How to sort out Social Security’s finances while making it more generous

November 16, 2012

Sen. Mark Begich (D-Alaska) at a Washington Post Live event. (Drea Cunningham -- The Washington Post)

Social Security is not in danger of becoming insolvent any time soon. According to the program's actuaries, without any changes, Social Security will be able to pay out full benefits until 2033. And there's reason to doubt that problems will arise even 21 years from now. As Jared Bernstein noted when the latest projections came out, the expected date when the Social Security trust fund will be exhausted has varied wildly over the past few decades.

Yet despite its medium-run sustainability, many deficit reduction plans target the program for cuts. For example, Bowles-Simpson introduces means-testing and raises payroll taxes for high earners, but also cuts benefits across the board by adopting a less generous inflation measure, known as "chained CPI," and raises both the minimum age where retirees can claim benefits and the age when they can claim full benefits.

As Nobel laureate Peter Diamond has explained, the latter change is hugely regressive, primarily targeting poor workers in physically demanding occupations. Domenici-Rivlin includes the inflation measure cut, means-testing and payroll tax increase, but leaves out the regressive retirement age increase.

But if one wants to make the program solvent indefinitely without endangering vulnerable seniors, there are options. A new bill from Sen. Mark Begich (D-Alaska), the Protecting and Preserving Social Security Act, provides one method.

The Begich bill would lift the current payroll tax cap, which exempts wages in excess of a certain amount ($110,100 this year) from the tax. In turn, it would give high earners, who would pay more, additional benefits upon retirement, just as benefits increase as wages do for workers below the cap.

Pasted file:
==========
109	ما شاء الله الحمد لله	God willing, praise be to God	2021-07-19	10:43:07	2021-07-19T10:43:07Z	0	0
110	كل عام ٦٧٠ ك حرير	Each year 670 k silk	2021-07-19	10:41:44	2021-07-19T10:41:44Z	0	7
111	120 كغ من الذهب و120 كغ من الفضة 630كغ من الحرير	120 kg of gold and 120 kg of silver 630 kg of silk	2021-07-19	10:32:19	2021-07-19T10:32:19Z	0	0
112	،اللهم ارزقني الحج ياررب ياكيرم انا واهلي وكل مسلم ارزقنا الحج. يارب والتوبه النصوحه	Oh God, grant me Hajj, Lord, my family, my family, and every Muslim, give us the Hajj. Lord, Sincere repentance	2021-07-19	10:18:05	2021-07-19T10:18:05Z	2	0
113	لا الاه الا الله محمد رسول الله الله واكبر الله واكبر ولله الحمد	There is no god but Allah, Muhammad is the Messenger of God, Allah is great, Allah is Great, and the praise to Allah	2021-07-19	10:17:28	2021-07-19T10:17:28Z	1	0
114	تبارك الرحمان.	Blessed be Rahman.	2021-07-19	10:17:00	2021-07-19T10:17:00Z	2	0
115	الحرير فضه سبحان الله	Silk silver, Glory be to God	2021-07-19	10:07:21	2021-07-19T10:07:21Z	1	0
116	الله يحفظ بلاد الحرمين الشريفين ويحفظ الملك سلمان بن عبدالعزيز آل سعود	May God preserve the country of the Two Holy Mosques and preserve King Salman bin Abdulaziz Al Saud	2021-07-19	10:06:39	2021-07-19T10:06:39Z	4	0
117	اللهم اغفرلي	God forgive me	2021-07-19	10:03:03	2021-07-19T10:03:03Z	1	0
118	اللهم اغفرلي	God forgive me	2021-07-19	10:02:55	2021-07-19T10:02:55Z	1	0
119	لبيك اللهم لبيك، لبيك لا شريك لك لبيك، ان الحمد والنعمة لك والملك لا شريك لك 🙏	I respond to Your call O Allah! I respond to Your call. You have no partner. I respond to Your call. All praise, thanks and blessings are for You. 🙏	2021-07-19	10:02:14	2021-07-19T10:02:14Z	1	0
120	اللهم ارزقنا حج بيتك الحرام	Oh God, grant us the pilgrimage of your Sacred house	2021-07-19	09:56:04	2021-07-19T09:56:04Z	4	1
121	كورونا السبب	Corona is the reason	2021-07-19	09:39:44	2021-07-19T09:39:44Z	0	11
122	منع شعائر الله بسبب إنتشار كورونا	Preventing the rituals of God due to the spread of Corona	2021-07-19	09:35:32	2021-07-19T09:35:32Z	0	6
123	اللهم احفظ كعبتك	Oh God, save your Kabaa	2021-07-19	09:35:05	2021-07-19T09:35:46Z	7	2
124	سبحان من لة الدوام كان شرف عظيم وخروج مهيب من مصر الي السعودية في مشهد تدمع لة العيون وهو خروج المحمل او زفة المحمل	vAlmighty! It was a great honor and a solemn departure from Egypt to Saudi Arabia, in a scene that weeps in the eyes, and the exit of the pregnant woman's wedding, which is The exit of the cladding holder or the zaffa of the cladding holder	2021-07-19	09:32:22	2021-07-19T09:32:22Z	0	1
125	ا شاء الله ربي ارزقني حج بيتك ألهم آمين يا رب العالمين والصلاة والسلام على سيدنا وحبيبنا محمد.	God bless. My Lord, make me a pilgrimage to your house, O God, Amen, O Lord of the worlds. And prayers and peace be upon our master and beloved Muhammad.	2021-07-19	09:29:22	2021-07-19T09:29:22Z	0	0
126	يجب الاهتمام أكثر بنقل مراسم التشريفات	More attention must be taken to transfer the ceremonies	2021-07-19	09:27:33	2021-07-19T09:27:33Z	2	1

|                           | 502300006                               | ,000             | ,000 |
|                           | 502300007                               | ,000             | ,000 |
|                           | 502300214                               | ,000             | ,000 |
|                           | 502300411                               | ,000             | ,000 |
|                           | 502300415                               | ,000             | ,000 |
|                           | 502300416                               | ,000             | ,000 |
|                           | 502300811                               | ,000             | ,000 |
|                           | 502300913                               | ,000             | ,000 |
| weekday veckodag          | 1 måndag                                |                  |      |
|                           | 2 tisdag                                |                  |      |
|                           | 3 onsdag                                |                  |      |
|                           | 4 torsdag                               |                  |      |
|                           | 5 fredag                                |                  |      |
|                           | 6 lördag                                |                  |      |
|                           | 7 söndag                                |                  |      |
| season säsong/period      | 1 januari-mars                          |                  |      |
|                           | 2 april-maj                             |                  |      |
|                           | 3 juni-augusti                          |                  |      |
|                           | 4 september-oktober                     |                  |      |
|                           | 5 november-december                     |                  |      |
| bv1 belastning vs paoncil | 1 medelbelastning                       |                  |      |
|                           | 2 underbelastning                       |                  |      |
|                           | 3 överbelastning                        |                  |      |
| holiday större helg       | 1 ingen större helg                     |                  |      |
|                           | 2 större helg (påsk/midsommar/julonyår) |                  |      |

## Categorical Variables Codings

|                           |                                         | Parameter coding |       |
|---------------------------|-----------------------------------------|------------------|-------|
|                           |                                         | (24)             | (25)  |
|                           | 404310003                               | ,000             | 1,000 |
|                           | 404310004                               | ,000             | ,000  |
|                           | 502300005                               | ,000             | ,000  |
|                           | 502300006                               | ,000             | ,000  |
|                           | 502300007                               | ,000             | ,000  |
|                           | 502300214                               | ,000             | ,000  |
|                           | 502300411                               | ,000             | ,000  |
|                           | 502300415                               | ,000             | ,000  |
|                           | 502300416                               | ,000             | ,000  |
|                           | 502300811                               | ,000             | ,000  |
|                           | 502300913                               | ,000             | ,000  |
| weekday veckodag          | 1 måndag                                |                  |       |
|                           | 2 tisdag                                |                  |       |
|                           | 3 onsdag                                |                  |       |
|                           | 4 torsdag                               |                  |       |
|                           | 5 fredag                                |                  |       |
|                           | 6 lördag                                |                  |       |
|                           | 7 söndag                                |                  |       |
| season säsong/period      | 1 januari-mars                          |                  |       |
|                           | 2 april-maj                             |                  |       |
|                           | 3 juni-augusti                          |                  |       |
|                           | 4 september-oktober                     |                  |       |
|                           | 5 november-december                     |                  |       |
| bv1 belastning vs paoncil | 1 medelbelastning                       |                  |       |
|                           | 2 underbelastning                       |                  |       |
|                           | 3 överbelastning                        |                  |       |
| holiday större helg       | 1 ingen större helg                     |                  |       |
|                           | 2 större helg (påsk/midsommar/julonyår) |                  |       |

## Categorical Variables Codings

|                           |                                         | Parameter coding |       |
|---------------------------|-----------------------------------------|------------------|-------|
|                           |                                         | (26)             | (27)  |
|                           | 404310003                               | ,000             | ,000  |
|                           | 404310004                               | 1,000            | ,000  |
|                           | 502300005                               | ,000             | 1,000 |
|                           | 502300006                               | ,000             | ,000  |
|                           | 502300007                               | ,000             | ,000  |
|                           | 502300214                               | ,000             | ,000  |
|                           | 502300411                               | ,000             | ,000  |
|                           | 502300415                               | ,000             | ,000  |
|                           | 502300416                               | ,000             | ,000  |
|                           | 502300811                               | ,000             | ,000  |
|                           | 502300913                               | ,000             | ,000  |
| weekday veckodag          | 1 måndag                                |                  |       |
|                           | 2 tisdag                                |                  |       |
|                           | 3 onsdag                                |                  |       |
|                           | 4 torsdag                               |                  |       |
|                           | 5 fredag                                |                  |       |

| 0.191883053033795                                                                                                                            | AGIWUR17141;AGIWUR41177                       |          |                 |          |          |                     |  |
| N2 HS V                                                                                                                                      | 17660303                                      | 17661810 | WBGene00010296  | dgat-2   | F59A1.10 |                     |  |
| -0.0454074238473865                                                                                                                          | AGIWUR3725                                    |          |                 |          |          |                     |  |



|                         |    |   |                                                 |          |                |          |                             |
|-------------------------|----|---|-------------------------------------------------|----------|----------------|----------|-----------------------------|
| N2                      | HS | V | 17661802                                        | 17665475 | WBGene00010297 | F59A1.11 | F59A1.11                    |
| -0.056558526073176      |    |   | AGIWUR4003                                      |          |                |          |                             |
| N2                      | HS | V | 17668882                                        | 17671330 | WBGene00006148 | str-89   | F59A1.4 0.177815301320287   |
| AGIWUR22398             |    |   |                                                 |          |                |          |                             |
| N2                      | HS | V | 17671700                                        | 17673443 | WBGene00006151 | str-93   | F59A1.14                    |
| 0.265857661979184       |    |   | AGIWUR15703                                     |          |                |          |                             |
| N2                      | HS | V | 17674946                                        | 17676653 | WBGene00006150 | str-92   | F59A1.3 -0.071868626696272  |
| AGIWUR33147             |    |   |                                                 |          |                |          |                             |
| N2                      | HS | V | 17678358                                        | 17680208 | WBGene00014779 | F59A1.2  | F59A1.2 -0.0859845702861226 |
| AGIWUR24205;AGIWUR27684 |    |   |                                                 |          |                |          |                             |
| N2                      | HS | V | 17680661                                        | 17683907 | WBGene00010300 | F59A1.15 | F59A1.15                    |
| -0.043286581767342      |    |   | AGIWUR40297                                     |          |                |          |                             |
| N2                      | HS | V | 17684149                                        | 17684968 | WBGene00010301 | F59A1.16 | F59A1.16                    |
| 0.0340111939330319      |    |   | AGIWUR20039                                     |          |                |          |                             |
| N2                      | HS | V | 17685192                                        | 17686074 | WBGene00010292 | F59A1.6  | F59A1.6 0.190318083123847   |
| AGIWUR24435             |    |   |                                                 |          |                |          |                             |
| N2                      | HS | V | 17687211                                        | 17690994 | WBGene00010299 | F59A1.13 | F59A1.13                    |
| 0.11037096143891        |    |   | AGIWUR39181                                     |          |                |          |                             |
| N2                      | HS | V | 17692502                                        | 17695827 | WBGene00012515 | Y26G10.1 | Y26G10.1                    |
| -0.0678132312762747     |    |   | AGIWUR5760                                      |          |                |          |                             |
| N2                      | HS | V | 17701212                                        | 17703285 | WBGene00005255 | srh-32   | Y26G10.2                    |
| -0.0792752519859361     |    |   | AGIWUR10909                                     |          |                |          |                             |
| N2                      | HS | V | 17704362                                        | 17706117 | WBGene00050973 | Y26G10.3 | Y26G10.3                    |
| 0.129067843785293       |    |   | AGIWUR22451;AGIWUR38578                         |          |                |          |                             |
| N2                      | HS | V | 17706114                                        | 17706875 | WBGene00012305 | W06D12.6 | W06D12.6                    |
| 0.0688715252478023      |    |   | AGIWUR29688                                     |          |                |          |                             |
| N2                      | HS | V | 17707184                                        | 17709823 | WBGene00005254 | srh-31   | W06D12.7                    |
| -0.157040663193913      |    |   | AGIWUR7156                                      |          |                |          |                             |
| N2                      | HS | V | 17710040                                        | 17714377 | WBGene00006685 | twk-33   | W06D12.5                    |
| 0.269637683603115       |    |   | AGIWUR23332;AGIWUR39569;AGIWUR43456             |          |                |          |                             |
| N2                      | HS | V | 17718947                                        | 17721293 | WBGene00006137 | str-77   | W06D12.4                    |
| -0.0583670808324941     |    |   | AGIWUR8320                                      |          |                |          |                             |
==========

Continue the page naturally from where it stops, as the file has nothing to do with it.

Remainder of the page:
According to the Congressional Research Service, a change like that would almost entirely wipe out the program's long-run actuarial imbalance. Specifically, it would eliminate 95 percent of the shortfall, meaning that a mild increase in the payroll tax rate from 12.4 percent to 12.5 percent would be enough to cover the tiny remaining gap. And without any changes at all, the program would be able to pay out full benefits until after 2085. Indeed, the exhaustion date for the trust fund following such a change is so far in the future that CRS didn't even calculate it.

But Begich's bill doesn't just increase taxes for high earners. It also increases benefits across-the-board. While Bowles-Simpson and Domenici-Rivlin adopt a stingier "chained CPI" measure for inflation, Begich adopts "CPI-E," or a measure that specifically captures inflation in goods that seniors buy.

Due to deteriorated health and other considerations, goods seniors buy tend to be more expensive than those younger people purchase. Begich's CPI-E change would mean, effectively, a 4.5 percent benefit increase for the program's beneficiaries, including not just seniors but their designated survivors and disabled Americans as well.

The bill likely will face a steep legislative hill. It amounts to a large tax increase for the rich, including people making between $110,100 and $250,000, and as such would violate Obama's pledge to not raise taxes on people making under a quarter million dollars a year. But given that it makes the tax code more progressive and increases benefits at the same time that it sorts out the program's finances indefinitely, don't be surprised if progressives latch onto it going forward.

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Sarah Kliff · November 16, 2012